When a freelance writer works with various clients and on a multitude of projects, sometimes who can claim copyright for the finished product is a difficult question to answer. This article covers the most common freelance projects and how standard U.S. copyright laws are applied.
Who Can Claim Copyright? Usually the Author
For a novelist, screenwriter or blogger, copyright is fairly straightforward. The author of any work is the one who can claim copyright for that work, regardless whether or not there's a statement of copyright attached to the writing. Thanks to the Digital Millennium Act, this applies to online content as well as the printed word. However, when the creator of the content isn't the one distributing the work, copyright considerations can get a little complicated.
Selling Your Writing to Publishers and Transferring Copyright
When you provide offline and online publishers with permission to print your writing, it's important to understand the various forms of printing "rights" that you can offer, and why some printing rights are more valuable than others.
- First rights - Whether you're writing for a print magazine, newspaper or an online publication, the most common transfer or rights that you'll sell is called the First North American Serial Rights (FNASR). However, in the case of Internet publishing, this is more commonly just called "First Rights." What "First Rights" means is that the publication or website purchases exclusive rights to publish your writing. The transfer or rights is called "first" because you're exclusively providing the publisher with rights be the first publisher to print your work. This is why publishers typically pay more for exclusive rights. However, keep in mind that the publisher still cannot reprint your work somewhere else or resell printing rights. The author can still claim copyright.
- Use Rights - You can sell various publications one-time "use" rights which provides the publication with permission to print your work one time. This is known as a non-exclusive right because you can sell these rights to multiple publishers. For this reason, one-time use rights are usually valued much lower than exclusive "first rights."
- Reprint Rights - When you sell reprint rights to any publication, it's because you've already sold "first rights" to the first publisher to print your work. When your material is reprinted, you sell "reprint rights" to the subsequent publishers, but the publisher that purchased "first rights" is usually credited in the reprint.
Selling All Rights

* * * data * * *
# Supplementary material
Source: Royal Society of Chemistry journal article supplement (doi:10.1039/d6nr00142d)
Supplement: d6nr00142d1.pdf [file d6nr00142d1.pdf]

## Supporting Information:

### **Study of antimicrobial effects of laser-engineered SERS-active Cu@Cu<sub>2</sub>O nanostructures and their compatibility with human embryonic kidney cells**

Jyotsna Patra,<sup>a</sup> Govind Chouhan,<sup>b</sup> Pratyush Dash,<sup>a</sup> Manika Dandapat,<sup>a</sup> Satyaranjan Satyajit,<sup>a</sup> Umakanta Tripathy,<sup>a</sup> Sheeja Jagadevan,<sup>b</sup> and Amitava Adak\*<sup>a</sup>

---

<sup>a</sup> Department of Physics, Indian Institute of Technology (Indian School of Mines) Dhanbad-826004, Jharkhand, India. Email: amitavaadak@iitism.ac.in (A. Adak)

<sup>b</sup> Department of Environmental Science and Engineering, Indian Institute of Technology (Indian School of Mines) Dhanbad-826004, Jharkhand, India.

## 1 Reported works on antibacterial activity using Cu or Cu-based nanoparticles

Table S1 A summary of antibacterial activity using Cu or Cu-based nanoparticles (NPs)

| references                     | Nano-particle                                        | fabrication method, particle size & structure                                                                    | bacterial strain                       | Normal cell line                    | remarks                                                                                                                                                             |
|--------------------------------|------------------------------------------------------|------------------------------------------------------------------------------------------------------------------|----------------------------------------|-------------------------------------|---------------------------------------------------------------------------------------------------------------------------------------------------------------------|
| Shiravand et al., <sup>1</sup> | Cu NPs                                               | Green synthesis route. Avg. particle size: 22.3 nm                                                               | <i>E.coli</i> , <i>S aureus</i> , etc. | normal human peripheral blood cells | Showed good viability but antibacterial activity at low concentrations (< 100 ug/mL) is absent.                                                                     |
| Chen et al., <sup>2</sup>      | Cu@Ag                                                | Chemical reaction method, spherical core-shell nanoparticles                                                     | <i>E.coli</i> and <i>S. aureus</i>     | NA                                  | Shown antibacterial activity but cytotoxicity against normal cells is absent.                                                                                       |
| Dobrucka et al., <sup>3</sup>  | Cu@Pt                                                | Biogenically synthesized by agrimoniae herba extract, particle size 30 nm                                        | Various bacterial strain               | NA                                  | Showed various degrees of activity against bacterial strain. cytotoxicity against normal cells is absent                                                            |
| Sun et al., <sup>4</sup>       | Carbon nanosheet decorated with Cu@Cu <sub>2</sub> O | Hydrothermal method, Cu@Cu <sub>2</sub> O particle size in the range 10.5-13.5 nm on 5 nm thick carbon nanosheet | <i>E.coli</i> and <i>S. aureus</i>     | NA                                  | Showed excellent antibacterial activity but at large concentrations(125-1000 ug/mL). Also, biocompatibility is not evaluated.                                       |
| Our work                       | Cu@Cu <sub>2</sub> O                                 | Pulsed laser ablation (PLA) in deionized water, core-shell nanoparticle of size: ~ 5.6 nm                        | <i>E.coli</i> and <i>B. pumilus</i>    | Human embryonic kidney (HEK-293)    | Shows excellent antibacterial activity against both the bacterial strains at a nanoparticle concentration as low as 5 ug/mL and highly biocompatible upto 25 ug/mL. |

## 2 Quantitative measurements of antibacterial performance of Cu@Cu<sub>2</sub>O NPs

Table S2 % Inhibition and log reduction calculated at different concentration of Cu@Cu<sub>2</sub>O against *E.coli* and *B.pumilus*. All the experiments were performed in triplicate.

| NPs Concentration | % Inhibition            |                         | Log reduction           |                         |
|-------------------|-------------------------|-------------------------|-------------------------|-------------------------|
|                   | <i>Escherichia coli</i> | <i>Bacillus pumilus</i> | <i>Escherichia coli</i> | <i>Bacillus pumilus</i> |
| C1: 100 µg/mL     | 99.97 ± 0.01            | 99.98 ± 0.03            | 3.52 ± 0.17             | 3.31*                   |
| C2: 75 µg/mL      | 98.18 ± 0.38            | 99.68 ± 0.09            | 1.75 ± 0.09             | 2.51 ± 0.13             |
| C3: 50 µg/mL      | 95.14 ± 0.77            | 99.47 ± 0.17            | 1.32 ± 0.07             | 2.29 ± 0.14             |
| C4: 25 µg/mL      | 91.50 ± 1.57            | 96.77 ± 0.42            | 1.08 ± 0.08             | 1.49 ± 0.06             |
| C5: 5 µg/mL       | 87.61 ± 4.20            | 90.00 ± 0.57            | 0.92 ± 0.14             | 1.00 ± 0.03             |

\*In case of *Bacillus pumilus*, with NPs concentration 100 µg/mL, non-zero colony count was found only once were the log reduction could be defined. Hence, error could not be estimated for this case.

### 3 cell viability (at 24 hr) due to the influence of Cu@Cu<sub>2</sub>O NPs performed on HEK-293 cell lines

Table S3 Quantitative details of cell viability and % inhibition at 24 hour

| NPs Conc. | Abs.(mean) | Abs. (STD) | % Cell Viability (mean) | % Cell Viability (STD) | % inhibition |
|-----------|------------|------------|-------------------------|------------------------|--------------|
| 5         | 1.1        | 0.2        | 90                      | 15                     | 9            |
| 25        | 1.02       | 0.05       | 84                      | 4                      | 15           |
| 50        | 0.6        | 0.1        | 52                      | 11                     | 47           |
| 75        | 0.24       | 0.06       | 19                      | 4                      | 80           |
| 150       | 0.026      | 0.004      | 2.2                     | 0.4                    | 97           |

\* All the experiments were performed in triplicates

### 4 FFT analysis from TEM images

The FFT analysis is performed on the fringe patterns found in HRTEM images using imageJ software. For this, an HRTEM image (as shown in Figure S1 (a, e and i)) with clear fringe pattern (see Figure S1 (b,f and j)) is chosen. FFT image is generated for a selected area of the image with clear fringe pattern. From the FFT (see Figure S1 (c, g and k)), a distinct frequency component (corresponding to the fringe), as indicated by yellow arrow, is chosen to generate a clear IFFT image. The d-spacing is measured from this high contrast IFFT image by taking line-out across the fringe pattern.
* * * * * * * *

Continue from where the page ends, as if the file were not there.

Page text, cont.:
It is very rare for an author to relinquish full copyright ownership of their writing, but if the price is right some authors choose to do so. Before you opt to sell all rights for your work, it's important to understand what this means. When you sell even exclusive rights to a publisher, you retain ownership of the copyright and you can later sell reprint rights, or revise and rewrite the work. The moment you sell all rights to your material, you lose all of those rights. You cannot resell the material to any other publisher at any time. Once the publisher purchases full copyright, they can resell, reprint and even rewrite the material however they wish.
Writing for Blogs and Websites
As a freelance writer, some of the common online clients you may write for could include blogs or websites. The electronic publishing industry is very much a parallel of the print publishing industry in that the rights described above are also typically purchased by websites or blogs as well. Many article directories will purchase exclusive rights at higher rates than use rights, but these payments are substantially lower than you'd receive if you sold the rights to a print publisher. On the other hand, many of these websites also offer royalties to authors as well, in the form of ad revenue.
On the other hand, if you're hired to write exclusively for a website or blog, they will most commonly pay you for exclusive "first print" rights. Usually, the agreement you'll have with these clients is that you won't reprint the article anywhere else on the Internet without crediting the original publisher and linking to the original article.
Ghostwriting or Writing for Hire
One of the newest forms of freelance writing on the Internet is ghostwriting. This term is also known as "writing for hire." This method of selling writing is very different than all of those listed above because not only do writers sell "all rights" to the work, but in the case of ghostwriting they even give up authorship. Usually a client will request a particular article, website content or even a series of blog entries that follow a particular theme or topic. The agreement between the client and writer is that the client purchases "all rights," and can even attach their own name as the author of the material. While many writers frown upon this, and others in the publishing industry inappropriately compare it to plagiarism, the financial rewards for ghostwriting are often so high that many writers don't mind giving up copyright ownership. Ultimately, ghostwriting is not plagiarism because the original author agrees to transfer both copyright and authorship. The ethics of engaging in this activity is still a major source of debate in the publishing industry.
Regardless of which form of rights you decide to sell to the publisher of your work, it's important that, as an author, you apply the appropriate value to your copyright ownership. Many authors don't realize the true value of their intellectual property until they've given up all rights and lose all future revenue that their writing generates. Develop a thorough understanding of who can claim copyright before you decide to transfer any printing rights for your creative work.
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